I’ve been digging into the relationship between climate and the early history of water development of the Colorado River, and I’ve run into a bit of a conflict between the conventional history and the climate record (or as much of the climate record as I’ve been able to easily sort out).
(Click through if you’ve any interest in obscure western history or you think you’d be amused by my confusion. The rest of you move along, nothing much to see here.)
The story, in brief, involves one of the seminal events in the Colorado River’s develoment. In 1905, the river busted through an irrigation work that had been built for the Imperial Valley. For nearly two years, the river flooded into the lowland then called the “Salton Sink,” now known as the “Salton Sea.” In fact, that’s how it became the Salton Sea. Here’s how Norris Hundley describes it in Water and the West, the canonical history of the development of the Colorado River:
Because high water had seldom been a threat in previous winters and because his company was in financial straits, in 1904 Rockwood had failed to provide his new Mexican intake with an adequate headgate. Unfortunately for him, 1905 proved to be an unusual year. Flood waters began rising in February, gouging away at the banks surrounding the cut faster than he and his men could fill the breach with pilings and sand bags. Five floods eventually hit during the winter and spring until by August 1905 the entire river was pouring into the intake, now a half-mile wide at its juncture with the Colorado. In a matter of weeks, much of hte Salton Sink becase the Salton Sea.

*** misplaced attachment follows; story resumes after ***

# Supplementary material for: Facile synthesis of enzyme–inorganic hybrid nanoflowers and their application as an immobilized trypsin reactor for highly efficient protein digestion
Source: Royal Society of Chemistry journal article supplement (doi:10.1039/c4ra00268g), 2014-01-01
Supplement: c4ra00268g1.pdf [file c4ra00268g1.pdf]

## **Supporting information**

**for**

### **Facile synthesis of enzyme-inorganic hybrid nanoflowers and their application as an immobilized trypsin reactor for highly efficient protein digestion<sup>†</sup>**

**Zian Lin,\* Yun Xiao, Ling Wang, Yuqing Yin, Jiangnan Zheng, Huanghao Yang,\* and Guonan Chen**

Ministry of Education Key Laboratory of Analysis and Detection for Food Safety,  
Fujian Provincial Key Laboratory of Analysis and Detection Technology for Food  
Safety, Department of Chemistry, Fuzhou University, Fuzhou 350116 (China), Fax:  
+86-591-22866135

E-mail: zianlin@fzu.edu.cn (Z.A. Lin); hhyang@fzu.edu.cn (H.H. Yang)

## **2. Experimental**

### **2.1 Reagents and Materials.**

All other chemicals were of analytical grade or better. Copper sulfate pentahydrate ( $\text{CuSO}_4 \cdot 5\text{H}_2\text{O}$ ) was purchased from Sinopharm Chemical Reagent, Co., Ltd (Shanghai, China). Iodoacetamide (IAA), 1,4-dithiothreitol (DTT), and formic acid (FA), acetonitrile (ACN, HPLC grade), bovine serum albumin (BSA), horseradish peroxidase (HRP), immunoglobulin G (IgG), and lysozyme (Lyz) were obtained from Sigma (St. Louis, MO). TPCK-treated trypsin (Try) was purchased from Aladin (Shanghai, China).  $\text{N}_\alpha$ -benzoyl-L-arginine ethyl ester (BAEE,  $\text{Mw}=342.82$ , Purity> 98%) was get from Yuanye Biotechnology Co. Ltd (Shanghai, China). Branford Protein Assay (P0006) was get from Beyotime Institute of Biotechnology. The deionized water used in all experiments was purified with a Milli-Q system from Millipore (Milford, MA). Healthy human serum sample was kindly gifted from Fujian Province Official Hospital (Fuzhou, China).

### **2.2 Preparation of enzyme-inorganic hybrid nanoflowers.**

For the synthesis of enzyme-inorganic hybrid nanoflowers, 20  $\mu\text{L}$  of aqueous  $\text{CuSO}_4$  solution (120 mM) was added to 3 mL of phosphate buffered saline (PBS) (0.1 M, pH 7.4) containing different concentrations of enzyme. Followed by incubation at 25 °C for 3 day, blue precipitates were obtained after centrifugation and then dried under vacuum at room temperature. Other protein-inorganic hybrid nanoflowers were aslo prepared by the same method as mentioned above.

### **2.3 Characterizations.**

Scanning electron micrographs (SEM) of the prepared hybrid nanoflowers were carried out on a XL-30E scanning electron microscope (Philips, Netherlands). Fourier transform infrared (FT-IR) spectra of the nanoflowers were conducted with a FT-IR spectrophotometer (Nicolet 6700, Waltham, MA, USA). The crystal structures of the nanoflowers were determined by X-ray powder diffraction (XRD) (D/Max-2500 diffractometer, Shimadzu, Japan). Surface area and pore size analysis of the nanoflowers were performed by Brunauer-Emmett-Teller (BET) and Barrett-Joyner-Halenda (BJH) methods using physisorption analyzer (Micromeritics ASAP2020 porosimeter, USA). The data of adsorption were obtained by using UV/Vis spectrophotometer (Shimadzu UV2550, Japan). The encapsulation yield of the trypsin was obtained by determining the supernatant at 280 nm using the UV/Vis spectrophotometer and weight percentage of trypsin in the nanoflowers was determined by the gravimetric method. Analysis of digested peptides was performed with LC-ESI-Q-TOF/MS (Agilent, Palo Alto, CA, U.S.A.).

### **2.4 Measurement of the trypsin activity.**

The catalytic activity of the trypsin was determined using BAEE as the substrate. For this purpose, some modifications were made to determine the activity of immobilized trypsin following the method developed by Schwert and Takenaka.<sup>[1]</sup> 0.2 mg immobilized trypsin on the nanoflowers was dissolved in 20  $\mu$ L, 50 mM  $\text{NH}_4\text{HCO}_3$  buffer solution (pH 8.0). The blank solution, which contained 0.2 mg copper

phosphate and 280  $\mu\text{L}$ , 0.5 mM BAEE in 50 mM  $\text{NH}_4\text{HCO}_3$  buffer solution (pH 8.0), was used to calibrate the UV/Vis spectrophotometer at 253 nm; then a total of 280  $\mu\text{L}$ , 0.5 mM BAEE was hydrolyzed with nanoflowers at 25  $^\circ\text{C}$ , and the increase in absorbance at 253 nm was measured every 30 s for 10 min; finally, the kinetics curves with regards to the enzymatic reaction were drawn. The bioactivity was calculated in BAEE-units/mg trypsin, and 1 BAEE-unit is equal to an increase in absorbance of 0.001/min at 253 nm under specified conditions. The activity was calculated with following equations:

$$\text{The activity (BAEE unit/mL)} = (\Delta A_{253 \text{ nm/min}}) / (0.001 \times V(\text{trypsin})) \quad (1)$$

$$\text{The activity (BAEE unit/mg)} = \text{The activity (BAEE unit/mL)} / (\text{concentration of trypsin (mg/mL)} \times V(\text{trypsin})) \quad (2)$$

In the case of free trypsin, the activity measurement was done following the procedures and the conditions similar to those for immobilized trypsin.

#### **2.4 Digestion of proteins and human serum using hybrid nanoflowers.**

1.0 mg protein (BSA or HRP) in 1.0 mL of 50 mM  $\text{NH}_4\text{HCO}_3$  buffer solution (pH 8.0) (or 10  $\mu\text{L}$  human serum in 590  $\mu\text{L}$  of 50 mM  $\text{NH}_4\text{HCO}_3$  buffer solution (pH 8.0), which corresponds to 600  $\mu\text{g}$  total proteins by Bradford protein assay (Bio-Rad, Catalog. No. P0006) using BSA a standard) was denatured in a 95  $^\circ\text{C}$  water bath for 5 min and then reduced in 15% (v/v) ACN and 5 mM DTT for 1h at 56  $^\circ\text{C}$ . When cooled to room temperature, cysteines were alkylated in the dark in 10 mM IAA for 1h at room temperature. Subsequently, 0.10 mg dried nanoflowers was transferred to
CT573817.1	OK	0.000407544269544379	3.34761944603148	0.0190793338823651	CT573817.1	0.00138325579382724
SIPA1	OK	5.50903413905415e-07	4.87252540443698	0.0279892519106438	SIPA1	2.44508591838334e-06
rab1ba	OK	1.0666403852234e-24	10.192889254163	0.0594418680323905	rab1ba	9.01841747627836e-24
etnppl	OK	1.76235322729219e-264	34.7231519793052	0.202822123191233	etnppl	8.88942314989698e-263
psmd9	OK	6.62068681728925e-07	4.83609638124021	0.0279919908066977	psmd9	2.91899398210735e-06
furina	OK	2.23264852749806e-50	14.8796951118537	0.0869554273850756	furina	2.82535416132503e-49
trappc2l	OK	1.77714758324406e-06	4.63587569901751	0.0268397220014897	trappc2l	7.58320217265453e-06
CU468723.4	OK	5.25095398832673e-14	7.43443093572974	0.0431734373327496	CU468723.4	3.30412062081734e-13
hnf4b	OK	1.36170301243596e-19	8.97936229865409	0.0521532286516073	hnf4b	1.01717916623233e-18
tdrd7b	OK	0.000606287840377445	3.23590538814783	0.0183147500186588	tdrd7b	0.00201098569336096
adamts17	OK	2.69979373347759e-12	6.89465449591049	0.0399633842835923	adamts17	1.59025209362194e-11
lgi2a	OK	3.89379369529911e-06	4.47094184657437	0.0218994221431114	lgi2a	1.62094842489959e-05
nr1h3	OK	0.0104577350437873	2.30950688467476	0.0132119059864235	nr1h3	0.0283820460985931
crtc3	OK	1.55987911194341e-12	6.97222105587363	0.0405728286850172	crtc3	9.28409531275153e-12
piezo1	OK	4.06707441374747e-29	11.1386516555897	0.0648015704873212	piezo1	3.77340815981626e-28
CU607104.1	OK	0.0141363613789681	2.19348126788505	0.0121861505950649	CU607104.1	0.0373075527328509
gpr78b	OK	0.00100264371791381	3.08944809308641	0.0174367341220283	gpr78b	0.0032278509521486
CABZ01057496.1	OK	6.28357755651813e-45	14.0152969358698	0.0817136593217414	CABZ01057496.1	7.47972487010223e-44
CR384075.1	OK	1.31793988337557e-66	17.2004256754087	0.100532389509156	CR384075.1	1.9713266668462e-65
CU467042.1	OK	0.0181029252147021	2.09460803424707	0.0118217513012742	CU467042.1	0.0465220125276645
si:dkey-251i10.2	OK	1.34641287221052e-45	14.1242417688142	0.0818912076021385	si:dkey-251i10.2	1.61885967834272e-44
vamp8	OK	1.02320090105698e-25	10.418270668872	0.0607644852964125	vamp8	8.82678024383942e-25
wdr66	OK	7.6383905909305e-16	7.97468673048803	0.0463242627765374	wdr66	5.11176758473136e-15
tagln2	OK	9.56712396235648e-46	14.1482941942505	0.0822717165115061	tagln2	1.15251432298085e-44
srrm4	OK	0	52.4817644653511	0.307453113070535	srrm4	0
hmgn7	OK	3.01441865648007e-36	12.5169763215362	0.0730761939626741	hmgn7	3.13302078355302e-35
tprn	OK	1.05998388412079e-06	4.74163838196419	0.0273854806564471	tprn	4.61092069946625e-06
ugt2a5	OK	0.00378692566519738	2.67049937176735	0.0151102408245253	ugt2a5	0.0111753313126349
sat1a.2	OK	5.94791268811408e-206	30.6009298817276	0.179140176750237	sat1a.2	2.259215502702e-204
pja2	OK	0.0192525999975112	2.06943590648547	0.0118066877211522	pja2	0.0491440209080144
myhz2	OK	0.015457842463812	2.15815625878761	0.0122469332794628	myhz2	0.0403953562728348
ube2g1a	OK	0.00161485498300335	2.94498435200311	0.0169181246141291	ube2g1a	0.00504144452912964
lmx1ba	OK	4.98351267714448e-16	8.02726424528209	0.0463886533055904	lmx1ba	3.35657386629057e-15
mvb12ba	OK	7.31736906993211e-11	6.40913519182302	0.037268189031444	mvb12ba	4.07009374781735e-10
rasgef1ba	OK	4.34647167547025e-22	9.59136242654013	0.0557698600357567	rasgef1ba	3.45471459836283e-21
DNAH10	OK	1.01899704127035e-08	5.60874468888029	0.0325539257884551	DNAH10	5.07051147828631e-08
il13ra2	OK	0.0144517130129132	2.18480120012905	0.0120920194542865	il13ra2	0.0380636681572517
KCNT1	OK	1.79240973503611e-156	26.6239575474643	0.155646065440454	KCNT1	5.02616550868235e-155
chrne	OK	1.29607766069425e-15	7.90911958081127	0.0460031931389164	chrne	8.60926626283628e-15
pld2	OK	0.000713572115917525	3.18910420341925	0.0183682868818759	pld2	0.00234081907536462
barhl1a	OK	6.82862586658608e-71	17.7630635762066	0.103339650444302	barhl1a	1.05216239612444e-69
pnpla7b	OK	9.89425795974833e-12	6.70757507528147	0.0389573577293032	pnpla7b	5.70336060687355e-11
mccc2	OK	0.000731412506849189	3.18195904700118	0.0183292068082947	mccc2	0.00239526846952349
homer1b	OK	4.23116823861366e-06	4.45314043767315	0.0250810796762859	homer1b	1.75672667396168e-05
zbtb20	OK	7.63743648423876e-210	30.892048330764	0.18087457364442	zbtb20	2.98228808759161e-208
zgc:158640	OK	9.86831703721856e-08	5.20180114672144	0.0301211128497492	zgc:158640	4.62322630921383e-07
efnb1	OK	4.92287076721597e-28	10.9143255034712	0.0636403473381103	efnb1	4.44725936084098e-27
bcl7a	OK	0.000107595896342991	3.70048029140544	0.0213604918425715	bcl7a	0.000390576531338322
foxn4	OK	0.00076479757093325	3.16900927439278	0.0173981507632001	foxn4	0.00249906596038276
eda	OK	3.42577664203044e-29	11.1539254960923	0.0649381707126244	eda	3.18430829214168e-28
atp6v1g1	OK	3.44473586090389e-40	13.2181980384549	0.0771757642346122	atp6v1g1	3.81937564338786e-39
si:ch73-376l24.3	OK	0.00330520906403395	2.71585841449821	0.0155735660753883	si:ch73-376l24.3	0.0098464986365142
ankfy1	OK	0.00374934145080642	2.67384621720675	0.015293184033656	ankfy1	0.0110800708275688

Here’s the problem. According to flow data from the records of the Upper Colorado River Commission, total flow in 1905 (the water year ends at the end of September) was 16 million acre feet. That’s above the long term average of 14.8, but only a tad above the 1904 flow of 15.6 maf. 1903: 14.8. And in the Colorado River Drainage Basin climate division data, precipitation that year (the winter of 1904-05 or the full water year) was below average.
Now, I don’t have monthly or daily flow data, so it’s possible that the floods came in big pulses that are not reflected in the total flow volume. Or is it possible that the conventional story is wrong, and that these guys just fucked up badly and the “unusual year” story was actually a shifting of blame?
Good find. Sounds like a long article is in the making!
Dry it up! Get it back to normal.
Pingback: jfleck at inkstain » Blog Archive » Imperial Valley